Media Moment – Privacy is as privacy does
It’s no secret that parents and teens have very different concepts of online privacy. Parents are concerned that personal information will be viewed by an unintended audience or by strangers, while teenagers often care very little about strangers and/or oversharing—but under no circumstances do they want their parents to see their postings. Wrestling with the difficult questions of adolescent development—What is going on with my body? Who am I? How should I behave? Who am I interested in and how do I let them know?—is hard under any circumstances, but for many teens, having your mom or dad get involved in these questions is embarrassing and to be avoided at all costs.
A 14-year-old patient of mine was very irritated when his father (following my advice) insisted on having his son’s passwords as a condition of allowing him a social media account and smartphone. My Patient negotiated more than once, but Dad held the line. In spite of his initial annoyance, knowing that his father could see his online activities helped my patient develop safe behaviors, such as not posting personal information or inappropriate pictures. Soon, the boy had adopted these healthy social media habits as his own and even lost his constant awareness that his father might monitor him. As a result of his good digital citizenship, his father checked up on him less and less often.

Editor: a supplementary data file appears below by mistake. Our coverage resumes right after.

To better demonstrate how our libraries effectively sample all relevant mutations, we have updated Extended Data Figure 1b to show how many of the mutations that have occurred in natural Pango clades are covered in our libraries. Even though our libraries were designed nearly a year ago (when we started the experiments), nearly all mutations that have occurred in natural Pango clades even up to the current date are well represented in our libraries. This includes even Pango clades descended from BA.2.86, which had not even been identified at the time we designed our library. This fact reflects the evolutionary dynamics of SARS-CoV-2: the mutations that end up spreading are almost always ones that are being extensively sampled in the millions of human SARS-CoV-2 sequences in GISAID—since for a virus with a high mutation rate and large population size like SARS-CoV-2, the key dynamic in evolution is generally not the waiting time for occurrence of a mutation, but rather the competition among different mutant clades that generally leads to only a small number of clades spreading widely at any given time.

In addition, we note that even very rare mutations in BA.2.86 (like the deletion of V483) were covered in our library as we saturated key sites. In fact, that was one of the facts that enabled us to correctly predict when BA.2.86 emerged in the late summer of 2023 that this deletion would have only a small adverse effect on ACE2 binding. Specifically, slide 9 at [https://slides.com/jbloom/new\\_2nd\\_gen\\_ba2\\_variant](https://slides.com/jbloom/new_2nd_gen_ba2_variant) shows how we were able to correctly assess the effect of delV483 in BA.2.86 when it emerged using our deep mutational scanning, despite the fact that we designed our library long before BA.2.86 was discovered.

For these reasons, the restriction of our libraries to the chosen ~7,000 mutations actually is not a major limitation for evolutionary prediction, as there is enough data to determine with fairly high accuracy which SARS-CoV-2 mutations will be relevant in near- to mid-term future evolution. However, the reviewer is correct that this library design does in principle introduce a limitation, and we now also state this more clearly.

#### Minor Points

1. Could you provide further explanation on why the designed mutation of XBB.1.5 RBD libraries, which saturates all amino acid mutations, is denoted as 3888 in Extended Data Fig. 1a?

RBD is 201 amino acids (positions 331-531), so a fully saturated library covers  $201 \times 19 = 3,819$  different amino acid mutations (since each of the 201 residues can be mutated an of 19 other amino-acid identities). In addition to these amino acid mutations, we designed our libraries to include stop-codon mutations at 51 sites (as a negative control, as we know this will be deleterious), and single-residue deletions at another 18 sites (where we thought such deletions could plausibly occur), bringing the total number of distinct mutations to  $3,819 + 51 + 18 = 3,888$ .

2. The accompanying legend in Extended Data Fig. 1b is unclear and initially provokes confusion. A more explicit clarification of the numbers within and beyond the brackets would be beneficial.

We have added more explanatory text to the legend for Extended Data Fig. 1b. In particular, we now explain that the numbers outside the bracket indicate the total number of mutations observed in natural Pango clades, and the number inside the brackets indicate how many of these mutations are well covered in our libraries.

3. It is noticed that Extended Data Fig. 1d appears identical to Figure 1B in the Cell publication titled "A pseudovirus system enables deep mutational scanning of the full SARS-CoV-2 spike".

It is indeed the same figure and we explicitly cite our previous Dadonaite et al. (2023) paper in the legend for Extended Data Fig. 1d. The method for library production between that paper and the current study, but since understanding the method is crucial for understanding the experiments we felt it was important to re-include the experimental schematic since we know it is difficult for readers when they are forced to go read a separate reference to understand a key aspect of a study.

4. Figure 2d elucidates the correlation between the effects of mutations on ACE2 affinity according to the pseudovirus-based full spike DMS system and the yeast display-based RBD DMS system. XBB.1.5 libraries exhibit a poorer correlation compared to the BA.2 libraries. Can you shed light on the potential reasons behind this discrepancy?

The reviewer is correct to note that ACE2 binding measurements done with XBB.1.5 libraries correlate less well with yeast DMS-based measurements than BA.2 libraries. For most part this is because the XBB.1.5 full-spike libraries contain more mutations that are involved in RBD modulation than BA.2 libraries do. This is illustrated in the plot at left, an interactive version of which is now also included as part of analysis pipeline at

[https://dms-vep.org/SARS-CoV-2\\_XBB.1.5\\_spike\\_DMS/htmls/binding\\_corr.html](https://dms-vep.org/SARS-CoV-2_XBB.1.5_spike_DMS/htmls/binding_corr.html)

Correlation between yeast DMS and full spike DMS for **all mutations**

One day his dad came across a posting between him and his best friend, a boy with whom he had palled around since second grade. The friend was selling marijuana to their classmates, gaining a lot of new social status in their high school and urging my patient to join in this enterprise, which made my patient profoundly uncomfortable. His responding post was cautiously equivocal; it was clear that he did not want to threaten his long-time friendship, and he also didn’t want to sell pot.
While driving home from band practice, his dad mentioned in a respectful and supportive way that he had the exchange of messages, and was proud of his son’s strength in knowing what he did and did not want to do. Mentioning also that it must be hard for him to be in such a sticky situation with his best friend, Dad offered to talk it through. Rather than being angry that his father had pried, the teen was relieved that he would not be punished or lose his online access and was able to share his dilemma with his father, who helped him navigate a difficult social situation.
As the pair relayed these moments to me, I thought about the positive power of social media in the situation; it provided a space for my patient to try out ways of communicating and building relationships with others on his own, while his father’s involvement with his online activities, gave him the opportunity to sort through a very adult dilemma with the support and wisdom of a caring and respectful parent.
Enjoy your media and use them wisely,